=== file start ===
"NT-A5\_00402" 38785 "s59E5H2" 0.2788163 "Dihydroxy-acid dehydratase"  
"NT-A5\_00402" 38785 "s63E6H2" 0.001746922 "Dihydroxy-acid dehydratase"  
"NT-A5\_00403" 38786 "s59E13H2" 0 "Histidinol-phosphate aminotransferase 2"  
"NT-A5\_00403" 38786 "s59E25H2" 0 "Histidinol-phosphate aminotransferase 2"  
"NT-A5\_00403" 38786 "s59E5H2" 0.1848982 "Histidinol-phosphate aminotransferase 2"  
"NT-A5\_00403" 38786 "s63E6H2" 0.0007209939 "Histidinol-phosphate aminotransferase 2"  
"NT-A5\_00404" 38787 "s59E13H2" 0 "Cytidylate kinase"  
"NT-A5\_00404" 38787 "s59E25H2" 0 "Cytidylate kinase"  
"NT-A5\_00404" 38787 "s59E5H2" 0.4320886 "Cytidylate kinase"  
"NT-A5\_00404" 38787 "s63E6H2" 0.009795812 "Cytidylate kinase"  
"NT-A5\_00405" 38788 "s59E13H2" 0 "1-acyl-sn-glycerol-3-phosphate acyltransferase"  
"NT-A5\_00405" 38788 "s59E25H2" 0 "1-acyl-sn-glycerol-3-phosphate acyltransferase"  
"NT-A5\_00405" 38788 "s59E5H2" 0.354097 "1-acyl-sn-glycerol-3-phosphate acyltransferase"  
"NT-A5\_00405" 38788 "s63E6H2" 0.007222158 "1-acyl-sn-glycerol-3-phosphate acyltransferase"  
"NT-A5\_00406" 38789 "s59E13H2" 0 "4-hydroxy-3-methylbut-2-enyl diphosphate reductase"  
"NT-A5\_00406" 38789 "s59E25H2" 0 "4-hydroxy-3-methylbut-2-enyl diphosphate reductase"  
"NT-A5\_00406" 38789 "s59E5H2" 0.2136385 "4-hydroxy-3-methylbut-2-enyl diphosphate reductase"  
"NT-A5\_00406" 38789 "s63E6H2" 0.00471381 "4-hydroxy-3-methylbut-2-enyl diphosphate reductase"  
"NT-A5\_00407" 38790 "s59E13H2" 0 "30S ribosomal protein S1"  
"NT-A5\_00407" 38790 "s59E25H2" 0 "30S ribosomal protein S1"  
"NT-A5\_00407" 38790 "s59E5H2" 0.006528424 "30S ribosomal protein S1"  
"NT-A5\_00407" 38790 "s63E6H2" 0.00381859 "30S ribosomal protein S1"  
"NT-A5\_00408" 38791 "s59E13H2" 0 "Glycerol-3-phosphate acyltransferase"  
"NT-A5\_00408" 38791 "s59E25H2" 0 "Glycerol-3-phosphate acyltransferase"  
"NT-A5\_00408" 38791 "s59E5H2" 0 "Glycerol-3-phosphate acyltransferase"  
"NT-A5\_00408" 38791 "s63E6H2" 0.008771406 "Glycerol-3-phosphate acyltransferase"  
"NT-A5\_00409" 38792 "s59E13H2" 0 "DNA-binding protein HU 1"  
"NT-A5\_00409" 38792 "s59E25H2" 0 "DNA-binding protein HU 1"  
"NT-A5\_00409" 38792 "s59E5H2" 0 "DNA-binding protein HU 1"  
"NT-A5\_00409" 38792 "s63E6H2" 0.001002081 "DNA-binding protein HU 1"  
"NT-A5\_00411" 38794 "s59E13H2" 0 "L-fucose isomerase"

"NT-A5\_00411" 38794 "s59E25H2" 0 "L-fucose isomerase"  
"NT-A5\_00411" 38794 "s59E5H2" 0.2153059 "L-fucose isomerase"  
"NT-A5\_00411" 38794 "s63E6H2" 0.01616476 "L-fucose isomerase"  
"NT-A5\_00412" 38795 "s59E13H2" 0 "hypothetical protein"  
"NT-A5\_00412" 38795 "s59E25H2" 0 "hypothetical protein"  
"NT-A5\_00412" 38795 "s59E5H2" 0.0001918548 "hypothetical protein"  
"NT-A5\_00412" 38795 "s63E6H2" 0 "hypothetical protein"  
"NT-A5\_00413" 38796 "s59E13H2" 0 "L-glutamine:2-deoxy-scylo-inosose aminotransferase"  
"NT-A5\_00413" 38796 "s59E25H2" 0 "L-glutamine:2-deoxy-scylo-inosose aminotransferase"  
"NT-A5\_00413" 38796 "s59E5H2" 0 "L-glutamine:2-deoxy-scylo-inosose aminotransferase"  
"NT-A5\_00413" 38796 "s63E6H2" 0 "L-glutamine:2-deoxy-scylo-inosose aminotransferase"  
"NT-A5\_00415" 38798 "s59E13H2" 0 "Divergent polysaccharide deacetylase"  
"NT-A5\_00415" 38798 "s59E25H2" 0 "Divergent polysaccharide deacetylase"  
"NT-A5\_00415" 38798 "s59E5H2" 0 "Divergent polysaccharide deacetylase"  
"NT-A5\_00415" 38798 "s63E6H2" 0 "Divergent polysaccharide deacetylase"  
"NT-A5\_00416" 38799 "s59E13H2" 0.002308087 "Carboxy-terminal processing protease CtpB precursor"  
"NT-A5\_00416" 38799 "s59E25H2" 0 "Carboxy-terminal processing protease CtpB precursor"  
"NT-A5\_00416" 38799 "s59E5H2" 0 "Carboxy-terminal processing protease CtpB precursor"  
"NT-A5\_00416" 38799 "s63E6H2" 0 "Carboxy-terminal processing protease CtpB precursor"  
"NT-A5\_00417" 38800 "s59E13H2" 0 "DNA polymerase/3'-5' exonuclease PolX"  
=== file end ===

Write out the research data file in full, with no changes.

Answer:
"NT-A5\_00402" 38785 "s59E5H2" 0.2788163 "Dihydroxy-acid dehydratase"  
"NT-A5\_00402" 38785 "s63E6H2" 0.001746922 "Dihydroxy-acid dehydratase"  
"NT-A5\_00403" 38786 "s59E13H2" 0 "Histidinol-phosphate aminotransferase 2"  
"NT-A5\_00403" 38786 "s59E25H2" 0 "Histidinol-phosphate aminotransferase 2"  
"NT-A5\_00403" 38786 "s59E5H2" 0.1848982 "Histidinol-phosphate aminotransferase 2"  
"NT-A5\_00403" 38786 "s63E6H2" 0.0007209939 "Histidinol-phosphate aminotransferase 2"  
"NT-A5\_00404" 38787 "s59E13H2" 0 "Cytidylate kinase"  
"NT-A5\_00404" 38787 "s59E25H2" 0 "Cytidylate kinase"  
"NT-A5\_00404" 38787 "s59E5H2" 0.4320886 "Cytidylate kinase"  
"NT-A5\_00404" 38787 "s63E6H2" 0.009795812 "Cytidylate kinase"  
"NT-A5\_00405" 38788 "s59E13H2" 0 "1-acyl-sn-glycerol-3-phosphate acyltransferase"  
"NT-A5\_00405" 38788 "s59E25H2" 0 "1-acyl-sn-glycerol-3-phosphate acyltransferase"  
"NT-A5\_00405" 38788 "s59E5H2" 0.354097 "1-acyl-sn-glycerol-3-phosphate acyltransferase"  
"NT-A5\_00405" 38788 "s63E6H2" 0.007222158 "1-acyl-sn-glycerol-3-phosphate acyltransferase"  
"NT-A5\_00406" 38789 "s59E13H2" 0 "4-hydroxy-3-methylbut-2-enyl diphosphate reductase"  
"NT-A5\_00406" 38789 "s59E25H2" 0 "4-hydroxy-3-methylbut-2-enyl diphosphate reductase"  
"NT-A5\_00406" 38789 "s59E5H2" 0.2136385 "4-hydroxy-3-methylbut-2-enyl diphosphate reductase"  
"NT-A5\_00406" 38789 "s63E6H2" 0.00471381 "4-hydroxy-3-methylbut-2-enyl diphosphate reductase"  
"NT-A5\_00407" 38790 "s59E13H2" 0 "30S ribosomal protein S1"  
"NT-A5\_00407" 38790 "s59E25H2" 0 "30S ribosomal protein S1"  
"NT-A5\_00407" 38790 "s59E5H2" 0.006528424 "30S ribosomal protein S1"  
"NT-A5\_00407" 38790 "s63E6H2" 0.00381859 "30S ribosomal protein S1"  
"NT-A5\_00408" 38791 "s59E13H2" 0 "Glycerol-3-phosphate acyltransferase"  
"NT-A5\_00408" 38791 "s59E25H2" 0 "Glycerol-3-phosphate acyltransferase"  
"NT-A5\_00408" 38791 "s59E5H2" 0 "Glycerol-3-phosphate acyltransferase"  
"NT-A5\_00408" 38791 "s63E6H2" 0.008771406 "Glycerol-3-phosphate acyltransferase"  
"NT-A5\_00409" 38792 "s59E13H2" 0 "DNA-binding protein HU 1"  
"NT-A5\_00409" 38792 "s59E25H2" 0 "DNA-binding protein HU 1"  
"NT-A5\_00409" 38792 "s59E5H2" 0 "DNA-binding protein HU 1"  
"NT-A5\_00409" 38792 "s63E6H2" 0.001002081 "DNA-binding protein HU 1"  
"NT-A5\_00411" 38794 "s59E13H2" 0 "L-fucose isomerase"

"NT-A5\_00411" 38794 "s59E25H2" 0 "L-fucose isomerase"  
"NT-A5\_00411" 38794 "s59E5H2" 0.2153059 "L-fucose isomerase"  
"NT-A5\_00411" 38794 "s63E6H2" 0.01616476 "L-fucose isomerase"  
"NT-A5\_00412" 38795 "s59E13H2" 0 "hypothetical protein"  
"NT-A5\_00412" 38795 "s59E25H2" 0 "hypothetical protein"  
"NT-A5\_00412" 38795 "s59E5H2" 0.0001918548 "hypothetical protein"  
"NT-A5\_00412" 38795 "s63E6H2" 0 "hypothetical protein"  
"NT-A5\_00413" 38796 "s59E13H2" 0 "L-glutamine:2-deoxy-scylo-inosose aminotransferase"  
"NT-A5\_00413" 38796 "s59E25H2" 0 "L-glutamine:2-deoxy-scylo-inosose aminotransferase"  
"NT-A5\_00413" 38796 "s59E5H2" 0 "L-glutamine:2-deoxy-scylo-inosose aminotransferase"  
"NT-A5\_00413" 38796 "s63E6H2" 0 "L-glutamine:2-deoxy-scylo-inosose aminotransferase"  
"NT-A5\_00415" 38798 "s59E13H2" 0 "Divergent polysaccharide deacetylase"  
"NT-A5\_00415" 38798 "s59E25H2" 0 "Divergent polysaccharide deacetylase"  
"NT-A5\_00415" 38798 "s59E5H2" 0 "Divergent polysaccharide deacetylase"  
"NT-A5\_00415" 38798 "s63E6H2" 0 "Divergent polysaccharide deacetylase"  
"NT-A5\_00416" 38799 "s59E13H2" 0.002308087 "Carboxy-terminal processing protease CtpB precursor"  
"NT-A5\_00416" 38799 "s59E25H2" 0 "Carboxy-terminal processing protease CtpB precursor"  
"NT-A5\_00416" 38799 "s59E5H2" 0 "Carboxy-terminal processing protease CtpB precursor"  
"NT-A5\_00416" 38799 "s63E6H2" 0 "Carboxy-terminal processing protease CtpB precursor"  
"NT-A5\_00417" 38800 "s59E13H2" 0 "DNA polymerase/3'-5' exonuclease PolX"  